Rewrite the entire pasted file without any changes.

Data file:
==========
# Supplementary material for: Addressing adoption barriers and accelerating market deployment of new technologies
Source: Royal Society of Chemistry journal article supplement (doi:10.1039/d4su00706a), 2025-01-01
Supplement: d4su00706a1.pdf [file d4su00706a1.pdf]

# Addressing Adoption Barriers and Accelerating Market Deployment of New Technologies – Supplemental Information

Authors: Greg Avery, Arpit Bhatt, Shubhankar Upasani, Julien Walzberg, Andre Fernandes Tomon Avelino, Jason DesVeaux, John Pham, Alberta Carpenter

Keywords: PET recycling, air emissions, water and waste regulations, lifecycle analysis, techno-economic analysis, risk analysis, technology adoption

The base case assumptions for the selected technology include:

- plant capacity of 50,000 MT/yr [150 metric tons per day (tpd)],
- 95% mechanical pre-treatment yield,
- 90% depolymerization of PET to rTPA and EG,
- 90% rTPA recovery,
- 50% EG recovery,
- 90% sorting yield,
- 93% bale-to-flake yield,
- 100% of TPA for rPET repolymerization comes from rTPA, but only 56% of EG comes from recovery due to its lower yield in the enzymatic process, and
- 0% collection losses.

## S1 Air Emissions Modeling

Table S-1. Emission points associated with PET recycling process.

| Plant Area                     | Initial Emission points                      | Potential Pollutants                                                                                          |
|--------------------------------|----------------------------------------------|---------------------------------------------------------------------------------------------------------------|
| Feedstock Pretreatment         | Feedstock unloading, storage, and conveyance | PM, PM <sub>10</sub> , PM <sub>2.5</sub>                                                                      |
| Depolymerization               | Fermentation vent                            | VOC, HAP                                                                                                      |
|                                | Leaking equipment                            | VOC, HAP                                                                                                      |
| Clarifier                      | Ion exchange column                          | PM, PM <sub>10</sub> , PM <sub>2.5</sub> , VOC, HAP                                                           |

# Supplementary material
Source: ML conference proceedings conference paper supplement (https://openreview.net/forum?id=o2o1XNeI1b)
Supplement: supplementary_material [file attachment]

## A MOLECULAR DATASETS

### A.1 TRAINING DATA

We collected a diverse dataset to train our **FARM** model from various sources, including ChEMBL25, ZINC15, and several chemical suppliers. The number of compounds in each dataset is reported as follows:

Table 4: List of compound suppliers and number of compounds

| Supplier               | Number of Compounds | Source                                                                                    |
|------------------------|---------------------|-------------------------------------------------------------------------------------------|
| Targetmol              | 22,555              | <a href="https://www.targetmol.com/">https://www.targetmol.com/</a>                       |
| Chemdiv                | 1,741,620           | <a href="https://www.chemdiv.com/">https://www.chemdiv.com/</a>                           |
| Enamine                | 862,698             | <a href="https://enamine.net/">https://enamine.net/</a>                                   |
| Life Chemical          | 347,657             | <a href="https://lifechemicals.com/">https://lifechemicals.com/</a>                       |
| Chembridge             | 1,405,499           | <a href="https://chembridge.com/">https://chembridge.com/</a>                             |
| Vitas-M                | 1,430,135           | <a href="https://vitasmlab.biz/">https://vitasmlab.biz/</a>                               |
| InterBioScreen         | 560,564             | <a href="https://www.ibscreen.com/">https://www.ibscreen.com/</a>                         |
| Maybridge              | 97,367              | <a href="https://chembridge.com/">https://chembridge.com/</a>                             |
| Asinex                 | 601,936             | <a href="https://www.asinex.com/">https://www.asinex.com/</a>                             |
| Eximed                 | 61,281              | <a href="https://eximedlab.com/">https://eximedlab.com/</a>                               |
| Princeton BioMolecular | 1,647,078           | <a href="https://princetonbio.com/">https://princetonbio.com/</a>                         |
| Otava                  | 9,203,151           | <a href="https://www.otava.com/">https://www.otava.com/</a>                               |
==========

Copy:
# Supplementary material for: Addressing adoption barriers and accelerating market deployment of new technologies
Source: Royal Society of Chemistry journal article supplement (doi:10.1039/d4su00706a), 2025-01-01
Supplement: d4su00706a1.pdf [file d4su00706a1.pdf]

# Addressing Adoption Barriers and Accelerating Market Deployment of New Technologies – Supplemental Information

Authors: Greg Avery, Arpit Bhatt, Shubhankar Upasani, Julien Walzberg, Andre Fernandes Tomon Avelino, Jason DesVeaux, John Pham, Alberta Carpenter

Keywords: PET recycling, air emissions, water and waste regulations, lifecycle analysis, techno-economic analysis, risk analysis, technology adoption

The base case assumptions for the selected technology include:

- plant capacity of 50,000 MT/yr [150 metric tons per day (tpd)],
- 95% mechanical pre-treatment yield,
- 90% depolymerization of PET to rTPA and EG,
- 90% rTPA recovery,
- 50% EG recovery,
- 90% sorting yield,
- 93% bale-to-flake yield,
- 100% of TPA for rPET repolymerization comes from rTPA, but only 56% of EG comes from recovery due to its lower yield in the enzymatic process, and
- 0% collection losses.

## S1 Air Emissions Modeling

Table S-1. Emission points associated with PET recycling process.

| Plant Area                     | Initial Emission points                      | Potential Pollutants                                                                                          |
|--------------------------------|----------------------------------------------|---------------------------------------------------------------------------------------------------------------|
| Feedstock Pretreatment         | Feedstock unloading, storage, and conveyance | PM, PM <sub>10</sub> , PM <sub>2.5</sub>                                                                      |
| Depolymerization               | Fermentation vent                            | VOC, HAP                                                                                                      |
|                                | Leaking equipment                            | VOC, HAP                                                                                                      |
| Clarifier                      | Ion exchange column                          | PM, PM <sub>10</sub> , PM <sub>2.5</sub> , VOC, HAP                                                           |

# Supplementary material
Source: ML conference proceedings conference paper supplement (https://openreview.net/forum?id=o2o1XNeI1b)
Supplement: supplementary_material [file attachment]

## A MOLECULAR DATASETS

### A.1 TRAINING DATA

We collected a diverse dataset to train our **FARM** model from various sources, including ChEMBL25, ZINC15, and several chemical suppliers. The number of compounds in each dataset is reported as follows:

Table 4: List of compound suppliers and number of compounds

| Supplier               | Number of Compounds | Source                                                                                    |
|------------------------|---------------------|-------------------------------------------------------------------------------------------|
| Targetmol              | 22,555              | <a href="https://www.targetmol.com/">https://www.targetmol.com/</a>                       |
| Chemdiv                | 1,741,620           | <a href="https://www.chemdiv.com/">https://www.chemdiv.com/</a>                           |
| Enamine                | 862,698             | <a href="https://enamine.net/">https://enamine.net/</a>                                   |
| Life Chemical          | 347,657             | <a href="https://lifechemicals.com/">https://lifechemicals.com/</a>                       |
| Chembridge             | 1,405,499           | <a href="https://chembridge.com/">https://chembridge.com/</a>                             |
| Vitas-M                | 1,430,135           | <a href="https://vitasmlab.biz/">https://vitasmlab.biz/</a>                               |
| InterBioScreen         | 560,564             | <a href="https://www.ibscreen.com/">https://www.ibscreen.com/</a>                         |
| Maybridge              | 97,367              | <a href="https://chembridge.com/">https://chembridge.com/</a>                             |
| Asinex                 | 601,936             | <a href="https://www.asinex.com/">https://www.asinex.com/</a>                             |
| Eximed                 | 61,281              | <a href="https://eximedlab.com/">https://eximedlab.com/</a>                               |
| Princeton BioMolecular | 1,647,078           | <a href="https://princetonbio.com/">https://princetonbio.com/</a>                         |
| Otava                  | 9,203,151           | <a href="https://www.otava.com/">https://www.otava.com/</a>                               |